Sense about Science ? equipping people to make sense of science and evidence
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- The Troubled Families debacle
- Citizen science in Europe: How to take a strategic approach
- It's silly to assume all research funded by corporations is bent
- The strange end of the Saatchi Bill
- Here's a plan to help the government to do better than its anti-lobbying clause
- Making the government's use of evidence more transparent
- Sense About Science at the METRICS conference
- Submission to the Independent Commission on Freedom of Information
- The vets are coming!
- The Times 10th October 2015
Posted by on 26 July 2016
There is an increasingly lively discussion going on about citizen science and the relationship between citizens, researchers and policy-makers in Europe. As an organisation that has sought to engage people in discussions about research over the last 15 years resulting in changes to public debate, new legislation and to the conduct of journalism, corporate policies, education and research, we think this is exciting and important.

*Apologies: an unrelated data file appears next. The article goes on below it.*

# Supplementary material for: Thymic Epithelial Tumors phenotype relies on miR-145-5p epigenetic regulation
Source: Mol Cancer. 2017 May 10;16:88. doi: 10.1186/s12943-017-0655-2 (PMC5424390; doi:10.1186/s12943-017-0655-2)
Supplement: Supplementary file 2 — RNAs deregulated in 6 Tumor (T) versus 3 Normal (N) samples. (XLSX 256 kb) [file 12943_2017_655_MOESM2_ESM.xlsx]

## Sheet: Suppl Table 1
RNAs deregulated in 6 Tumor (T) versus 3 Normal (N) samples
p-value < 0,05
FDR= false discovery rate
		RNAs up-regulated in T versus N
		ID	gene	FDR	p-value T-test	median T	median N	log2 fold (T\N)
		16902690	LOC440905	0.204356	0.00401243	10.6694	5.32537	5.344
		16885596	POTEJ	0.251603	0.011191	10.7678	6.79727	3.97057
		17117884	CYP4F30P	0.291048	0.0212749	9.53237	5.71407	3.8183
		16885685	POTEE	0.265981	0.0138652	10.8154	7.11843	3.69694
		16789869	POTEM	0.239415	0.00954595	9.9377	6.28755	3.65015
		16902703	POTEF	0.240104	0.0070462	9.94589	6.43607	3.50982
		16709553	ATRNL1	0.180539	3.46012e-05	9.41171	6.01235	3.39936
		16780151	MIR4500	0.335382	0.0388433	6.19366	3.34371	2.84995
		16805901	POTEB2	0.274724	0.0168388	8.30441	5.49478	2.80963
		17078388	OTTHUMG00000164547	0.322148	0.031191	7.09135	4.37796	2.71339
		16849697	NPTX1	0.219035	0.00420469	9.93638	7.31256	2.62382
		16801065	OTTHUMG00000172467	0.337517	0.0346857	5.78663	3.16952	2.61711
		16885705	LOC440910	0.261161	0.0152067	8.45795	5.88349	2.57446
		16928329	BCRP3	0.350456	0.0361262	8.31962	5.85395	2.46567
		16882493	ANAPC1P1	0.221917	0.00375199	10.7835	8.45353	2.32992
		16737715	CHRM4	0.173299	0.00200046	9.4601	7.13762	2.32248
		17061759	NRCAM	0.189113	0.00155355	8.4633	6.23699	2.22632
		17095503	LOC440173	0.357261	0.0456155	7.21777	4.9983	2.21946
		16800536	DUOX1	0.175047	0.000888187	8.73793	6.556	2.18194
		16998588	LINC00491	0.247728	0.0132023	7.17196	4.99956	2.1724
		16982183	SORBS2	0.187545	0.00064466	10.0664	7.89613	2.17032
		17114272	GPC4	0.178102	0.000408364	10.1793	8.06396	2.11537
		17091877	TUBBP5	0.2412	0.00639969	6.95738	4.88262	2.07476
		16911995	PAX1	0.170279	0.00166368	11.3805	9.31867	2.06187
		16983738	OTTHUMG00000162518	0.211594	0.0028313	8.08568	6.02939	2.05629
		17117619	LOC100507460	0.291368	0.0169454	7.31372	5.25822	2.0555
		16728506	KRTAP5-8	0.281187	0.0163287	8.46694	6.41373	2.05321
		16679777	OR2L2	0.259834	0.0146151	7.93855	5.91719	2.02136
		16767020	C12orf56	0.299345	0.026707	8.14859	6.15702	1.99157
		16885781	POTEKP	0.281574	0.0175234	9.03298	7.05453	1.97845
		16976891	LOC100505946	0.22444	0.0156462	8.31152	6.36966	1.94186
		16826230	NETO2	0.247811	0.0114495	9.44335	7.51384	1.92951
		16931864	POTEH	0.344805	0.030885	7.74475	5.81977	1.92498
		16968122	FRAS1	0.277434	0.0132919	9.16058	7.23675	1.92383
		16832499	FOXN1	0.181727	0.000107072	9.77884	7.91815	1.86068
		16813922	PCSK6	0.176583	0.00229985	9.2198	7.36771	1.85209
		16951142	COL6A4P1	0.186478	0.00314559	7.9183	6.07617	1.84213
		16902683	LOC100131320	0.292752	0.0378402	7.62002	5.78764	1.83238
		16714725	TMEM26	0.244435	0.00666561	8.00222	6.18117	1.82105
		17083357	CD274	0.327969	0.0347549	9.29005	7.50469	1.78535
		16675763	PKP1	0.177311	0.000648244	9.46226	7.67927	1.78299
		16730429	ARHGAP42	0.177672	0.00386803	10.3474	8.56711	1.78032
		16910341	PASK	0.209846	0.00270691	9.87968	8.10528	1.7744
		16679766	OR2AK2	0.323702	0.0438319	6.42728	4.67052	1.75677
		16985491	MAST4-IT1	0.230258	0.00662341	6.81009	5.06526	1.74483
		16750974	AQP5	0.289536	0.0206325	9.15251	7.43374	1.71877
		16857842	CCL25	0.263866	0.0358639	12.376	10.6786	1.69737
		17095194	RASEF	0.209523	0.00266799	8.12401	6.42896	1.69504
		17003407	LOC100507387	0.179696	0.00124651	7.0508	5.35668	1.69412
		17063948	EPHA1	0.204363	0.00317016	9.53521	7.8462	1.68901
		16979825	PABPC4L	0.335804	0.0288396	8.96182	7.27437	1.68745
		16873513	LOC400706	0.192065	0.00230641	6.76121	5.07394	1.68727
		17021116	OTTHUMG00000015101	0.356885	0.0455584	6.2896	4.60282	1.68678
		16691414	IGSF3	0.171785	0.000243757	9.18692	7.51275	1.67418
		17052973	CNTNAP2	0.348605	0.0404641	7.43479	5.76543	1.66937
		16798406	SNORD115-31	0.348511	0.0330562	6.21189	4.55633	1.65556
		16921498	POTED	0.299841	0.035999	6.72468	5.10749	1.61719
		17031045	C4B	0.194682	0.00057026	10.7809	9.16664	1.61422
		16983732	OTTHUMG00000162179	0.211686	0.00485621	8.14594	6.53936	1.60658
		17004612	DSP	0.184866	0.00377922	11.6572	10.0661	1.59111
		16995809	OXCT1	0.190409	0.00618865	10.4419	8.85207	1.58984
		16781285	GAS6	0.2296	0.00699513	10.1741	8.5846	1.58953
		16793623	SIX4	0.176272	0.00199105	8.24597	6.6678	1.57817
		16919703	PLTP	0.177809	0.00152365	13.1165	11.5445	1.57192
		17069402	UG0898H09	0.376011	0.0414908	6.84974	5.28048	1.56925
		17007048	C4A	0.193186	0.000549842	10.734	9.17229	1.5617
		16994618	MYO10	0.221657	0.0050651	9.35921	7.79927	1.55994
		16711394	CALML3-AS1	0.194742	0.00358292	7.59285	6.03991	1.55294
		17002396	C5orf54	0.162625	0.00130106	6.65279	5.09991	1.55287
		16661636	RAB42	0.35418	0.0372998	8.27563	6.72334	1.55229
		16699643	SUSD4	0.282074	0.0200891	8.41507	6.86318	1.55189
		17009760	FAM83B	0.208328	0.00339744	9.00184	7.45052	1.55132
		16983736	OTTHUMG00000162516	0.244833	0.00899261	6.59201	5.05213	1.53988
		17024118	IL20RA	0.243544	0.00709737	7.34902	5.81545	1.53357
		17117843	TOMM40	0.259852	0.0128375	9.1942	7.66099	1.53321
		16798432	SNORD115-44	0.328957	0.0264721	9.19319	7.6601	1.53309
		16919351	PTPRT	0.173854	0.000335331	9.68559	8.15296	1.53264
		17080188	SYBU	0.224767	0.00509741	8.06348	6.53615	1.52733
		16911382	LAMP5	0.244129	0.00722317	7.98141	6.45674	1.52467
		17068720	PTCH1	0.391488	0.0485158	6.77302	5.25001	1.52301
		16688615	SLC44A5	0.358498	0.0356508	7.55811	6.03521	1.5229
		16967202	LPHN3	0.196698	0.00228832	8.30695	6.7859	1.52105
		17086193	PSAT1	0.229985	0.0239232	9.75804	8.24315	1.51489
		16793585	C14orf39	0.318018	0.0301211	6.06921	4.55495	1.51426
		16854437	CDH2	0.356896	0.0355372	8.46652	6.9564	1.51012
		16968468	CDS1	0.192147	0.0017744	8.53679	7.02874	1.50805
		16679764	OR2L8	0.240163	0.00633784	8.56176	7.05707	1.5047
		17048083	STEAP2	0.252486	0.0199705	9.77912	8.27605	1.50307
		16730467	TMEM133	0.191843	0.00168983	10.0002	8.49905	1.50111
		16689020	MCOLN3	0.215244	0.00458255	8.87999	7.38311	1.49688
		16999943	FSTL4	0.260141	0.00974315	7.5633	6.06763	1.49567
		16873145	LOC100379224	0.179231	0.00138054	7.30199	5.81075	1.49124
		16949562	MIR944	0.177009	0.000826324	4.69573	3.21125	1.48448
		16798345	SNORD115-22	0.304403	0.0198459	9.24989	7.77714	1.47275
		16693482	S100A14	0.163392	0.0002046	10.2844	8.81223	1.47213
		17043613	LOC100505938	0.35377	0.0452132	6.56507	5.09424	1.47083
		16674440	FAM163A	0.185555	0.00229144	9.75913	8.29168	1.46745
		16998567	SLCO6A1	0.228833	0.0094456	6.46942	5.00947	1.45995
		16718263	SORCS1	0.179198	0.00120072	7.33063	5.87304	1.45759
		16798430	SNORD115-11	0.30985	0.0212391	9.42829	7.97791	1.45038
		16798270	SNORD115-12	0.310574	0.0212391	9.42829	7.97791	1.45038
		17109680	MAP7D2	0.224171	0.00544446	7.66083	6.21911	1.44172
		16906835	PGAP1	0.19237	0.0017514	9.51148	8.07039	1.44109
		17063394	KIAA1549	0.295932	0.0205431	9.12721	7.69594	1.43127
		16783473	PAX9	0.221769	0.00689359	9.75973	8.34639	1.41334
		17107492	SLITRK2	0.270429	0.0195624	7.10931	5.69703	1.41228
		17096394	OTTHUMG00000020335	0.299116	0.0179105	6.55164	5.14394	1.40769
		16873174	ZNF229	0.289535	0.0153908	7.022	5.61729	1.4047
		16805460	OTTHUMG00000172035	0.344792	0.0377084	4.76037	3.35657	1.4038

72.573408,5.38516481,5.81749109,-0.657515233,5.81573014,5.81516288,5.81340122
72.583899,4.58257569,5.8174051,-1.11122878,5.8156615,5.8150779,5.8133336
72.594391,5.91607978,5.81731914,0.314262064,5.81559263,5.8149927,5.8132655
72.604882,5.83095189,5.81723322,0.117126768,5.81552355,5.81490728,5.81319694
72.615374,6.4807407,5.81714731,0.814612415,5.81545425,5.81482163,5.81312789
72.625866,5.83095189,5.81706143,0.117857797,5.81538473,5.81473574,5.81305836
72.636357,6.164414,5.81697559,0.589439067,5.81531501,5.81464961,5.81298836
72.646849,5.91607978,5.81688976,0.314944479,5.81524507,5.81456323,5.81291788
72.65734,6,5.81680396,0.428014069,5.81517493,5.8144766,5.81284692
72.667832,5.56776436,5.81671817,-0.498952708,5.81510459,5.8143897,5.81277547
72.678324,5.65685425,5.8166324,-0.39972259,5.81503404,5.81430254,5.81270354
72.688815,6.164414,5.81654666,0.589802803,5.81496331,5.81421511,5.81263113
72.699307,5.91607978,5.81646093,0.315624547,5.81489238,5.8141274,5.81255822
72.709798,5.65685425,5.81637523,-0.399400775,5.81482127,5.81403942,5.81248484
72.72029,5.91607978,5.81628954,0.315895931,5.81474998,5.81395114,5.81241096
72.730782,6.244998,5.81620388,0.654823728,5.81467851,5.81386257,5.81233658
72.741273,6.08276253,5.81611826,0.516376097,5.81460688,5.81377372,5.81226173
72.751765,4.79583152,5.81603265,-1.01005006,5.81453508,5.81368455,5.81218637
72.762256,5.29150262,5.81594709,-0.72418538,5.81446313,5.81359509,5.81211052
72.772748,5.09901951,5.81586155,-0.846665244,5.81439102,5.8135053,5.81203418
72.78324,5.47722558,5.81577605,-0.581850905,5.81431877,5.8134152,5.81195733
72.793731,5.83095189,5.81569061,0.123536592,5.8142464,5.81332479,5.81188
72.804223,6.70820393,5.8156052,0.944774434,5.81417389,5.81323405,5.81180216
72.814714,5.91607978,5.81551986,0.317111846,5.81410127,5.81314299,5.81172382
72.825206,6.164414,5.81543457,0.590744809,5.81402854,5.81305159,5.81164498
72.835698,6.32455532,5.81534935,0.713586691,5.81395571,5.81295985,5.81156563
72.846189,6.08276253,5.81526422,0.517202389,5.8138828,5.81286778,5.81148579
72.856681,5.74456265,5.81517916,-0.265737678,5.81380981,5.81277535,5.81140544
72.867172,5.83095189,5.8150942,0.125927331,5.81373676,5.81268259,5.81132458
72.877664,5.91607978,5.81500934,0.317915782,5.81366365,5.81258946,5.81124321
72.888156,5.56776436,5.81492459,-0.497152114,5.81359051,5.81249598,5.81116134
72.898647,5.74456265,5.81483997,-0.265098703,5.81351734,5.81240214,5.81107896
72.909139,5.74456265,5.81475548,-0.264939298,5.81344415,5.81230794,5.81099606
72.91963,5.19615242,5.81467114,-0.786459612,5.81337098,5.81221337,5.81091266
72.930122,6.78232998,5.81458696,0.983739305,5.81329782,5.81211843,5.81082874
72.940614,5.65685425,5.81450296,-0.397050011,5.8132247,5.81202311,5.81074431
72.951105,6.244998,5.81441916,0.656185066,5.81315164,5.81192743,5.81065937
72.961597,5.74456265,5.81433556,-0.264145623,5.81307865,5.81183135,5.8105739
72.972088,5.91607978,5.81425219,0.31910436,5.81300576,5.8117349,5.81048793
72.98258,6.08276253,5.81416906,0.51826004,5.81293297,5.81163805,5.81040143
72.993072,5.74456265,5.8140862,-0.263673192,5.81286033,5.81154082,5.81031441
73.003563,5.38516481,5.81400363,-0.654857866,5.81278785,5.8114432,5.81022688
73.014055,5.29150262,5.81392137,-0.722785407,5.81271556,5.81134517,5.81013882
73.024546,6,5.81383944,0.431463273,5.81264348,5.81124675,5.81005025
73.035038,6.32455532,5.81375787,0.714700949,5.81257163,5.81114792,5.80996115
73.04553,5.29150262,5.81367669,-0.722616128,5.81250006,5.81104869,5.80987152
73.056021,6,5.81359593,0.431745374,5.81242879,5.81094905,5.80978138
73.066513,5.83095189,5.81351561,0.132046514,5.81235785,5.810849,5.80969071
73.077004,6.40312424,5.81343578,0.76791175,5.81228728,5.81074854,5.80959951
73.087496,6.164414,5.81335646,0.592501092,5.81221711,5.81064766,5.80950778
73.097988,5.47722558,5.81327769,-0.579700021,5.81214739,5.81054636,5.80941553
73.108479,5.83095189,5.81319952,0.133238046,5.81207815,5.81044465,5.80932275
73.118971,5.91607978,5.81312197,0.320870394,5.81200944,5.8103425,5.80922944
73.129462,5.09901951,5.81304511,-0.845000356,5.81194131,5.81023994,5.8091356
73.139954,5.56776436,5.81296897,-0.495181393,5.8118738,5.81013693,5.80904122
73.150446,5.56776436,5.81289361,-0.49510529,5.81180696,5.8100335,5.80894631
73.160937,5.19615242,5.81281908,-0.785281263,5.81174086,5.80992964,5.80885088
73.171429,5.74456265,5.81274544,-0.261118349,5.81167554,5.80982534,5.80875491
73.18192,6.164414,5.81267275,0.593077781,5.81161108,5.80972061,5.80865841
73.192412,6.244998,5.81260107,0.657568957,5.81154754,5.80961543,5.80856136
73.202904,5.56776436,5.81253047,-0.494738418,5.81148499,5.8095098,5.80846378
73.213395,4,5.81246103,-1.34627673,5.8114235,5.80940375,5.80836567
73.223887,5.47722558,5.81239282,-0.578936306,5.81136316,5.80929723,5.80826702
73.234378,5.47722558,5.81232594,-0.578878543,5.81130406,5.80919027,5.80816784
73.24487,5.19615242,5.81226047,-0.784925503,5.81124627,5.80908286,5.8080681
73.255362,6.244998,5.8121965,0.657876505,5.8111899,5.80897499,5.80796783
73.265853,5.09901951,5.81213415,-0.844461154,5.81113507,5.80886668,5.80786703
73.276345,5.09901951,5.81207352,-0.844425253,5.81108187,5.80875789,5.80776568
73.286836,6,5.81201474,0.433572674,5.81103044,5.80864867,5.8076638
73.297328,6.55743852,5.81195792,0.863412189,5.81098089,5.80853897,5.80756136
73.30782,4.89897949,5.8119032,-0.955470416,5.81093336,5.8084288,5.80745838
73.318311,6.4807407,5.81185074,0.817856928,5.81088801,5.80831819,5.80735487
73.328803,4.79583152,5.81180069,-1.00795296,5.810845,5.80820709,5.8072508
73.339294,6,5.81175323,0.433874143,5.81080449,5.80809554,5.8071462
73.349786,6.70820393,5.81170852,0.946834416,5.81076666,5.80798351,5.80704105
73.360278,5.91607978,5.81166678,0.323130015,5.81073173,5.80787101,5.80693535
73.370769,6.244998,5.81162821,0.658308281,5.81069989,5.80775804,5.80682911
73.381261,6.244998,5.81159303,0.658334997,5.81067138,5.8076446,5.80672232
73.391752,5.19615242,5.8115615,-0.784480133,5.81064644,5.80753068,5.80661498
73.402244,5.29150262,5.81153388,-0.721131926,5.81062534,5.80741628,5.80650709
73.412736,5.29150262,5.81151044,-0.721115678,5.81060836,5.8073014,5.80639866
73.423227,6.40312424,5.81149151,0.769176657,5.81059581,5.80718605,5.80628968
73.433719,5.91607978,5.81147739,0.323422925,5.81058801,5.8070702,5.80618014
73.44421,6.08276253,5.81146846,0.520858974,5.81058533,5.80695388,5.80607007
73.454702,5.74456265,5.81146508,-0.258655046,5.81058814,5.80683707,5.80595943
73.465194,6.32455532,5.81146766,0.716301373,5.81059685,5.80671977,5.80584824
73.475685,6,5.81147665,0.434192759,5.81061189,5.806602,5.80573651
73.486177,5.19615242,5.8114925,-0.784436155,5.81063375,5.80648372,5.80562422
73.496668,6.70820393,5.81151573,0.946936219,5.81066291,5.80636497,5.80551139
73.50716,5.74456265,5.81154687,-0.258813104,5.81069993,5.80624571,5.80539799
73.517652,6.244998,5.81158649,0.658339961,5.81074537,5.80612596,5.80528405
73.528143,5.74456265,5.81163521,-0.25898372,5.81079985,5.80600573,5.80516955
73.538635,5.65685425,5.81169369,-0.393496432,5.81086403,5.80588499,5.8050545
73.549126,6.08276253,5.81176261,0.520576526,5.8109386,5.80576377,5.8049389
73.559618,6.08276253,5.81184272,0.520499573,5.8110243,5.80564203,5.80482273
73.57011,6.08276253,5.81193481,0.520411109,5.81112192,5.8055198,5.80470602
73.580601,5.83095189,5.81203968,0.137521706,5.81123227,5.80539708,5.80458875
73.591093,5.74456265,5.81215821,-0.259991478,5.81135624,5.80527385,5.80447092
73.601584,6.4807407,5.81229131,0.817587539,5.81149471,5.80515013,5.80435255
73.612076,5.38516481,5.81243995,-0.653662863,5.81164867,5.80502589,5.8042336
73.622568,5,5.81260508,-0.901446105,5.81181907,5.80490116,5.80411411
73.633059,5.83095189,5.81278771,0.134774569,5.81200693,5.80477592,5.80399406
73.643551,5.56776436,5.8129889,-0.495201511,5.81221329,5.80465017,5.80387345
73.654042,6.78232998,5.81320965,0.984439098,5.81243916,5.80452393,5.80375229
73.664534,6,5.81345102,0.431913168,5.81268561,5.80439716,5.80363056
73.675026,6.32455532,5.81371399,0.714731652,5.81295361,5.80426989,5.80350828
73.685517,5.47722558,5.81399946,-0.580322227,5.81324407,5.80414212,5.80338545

Some impressive organisations and initiatives are appearing. However, there’s a risk that if we don’t clarify what people mean by citizen science, we will miss opportunities to establish common goals and for European bodies, research organisations and external bodies to provide support. By mapping out the different types of relationship between citizens, researchers and policy makers, we can clarify objectives of specific initiatives and measure success.
Sense about Science co-hosted a lively debate of these issues in Brussels in June, with the publisher Elsevier and European initiative REIsearch. From the rich discussions there, and from our years of work, we have set out the three distinct types of citizen science, to enable people at the EuroScience Open Forum 2016 and beyond, to map initiatives and organisations across them, to develop joint goals and to ask what are the priorities and are we creating an environment that’s conducive to them?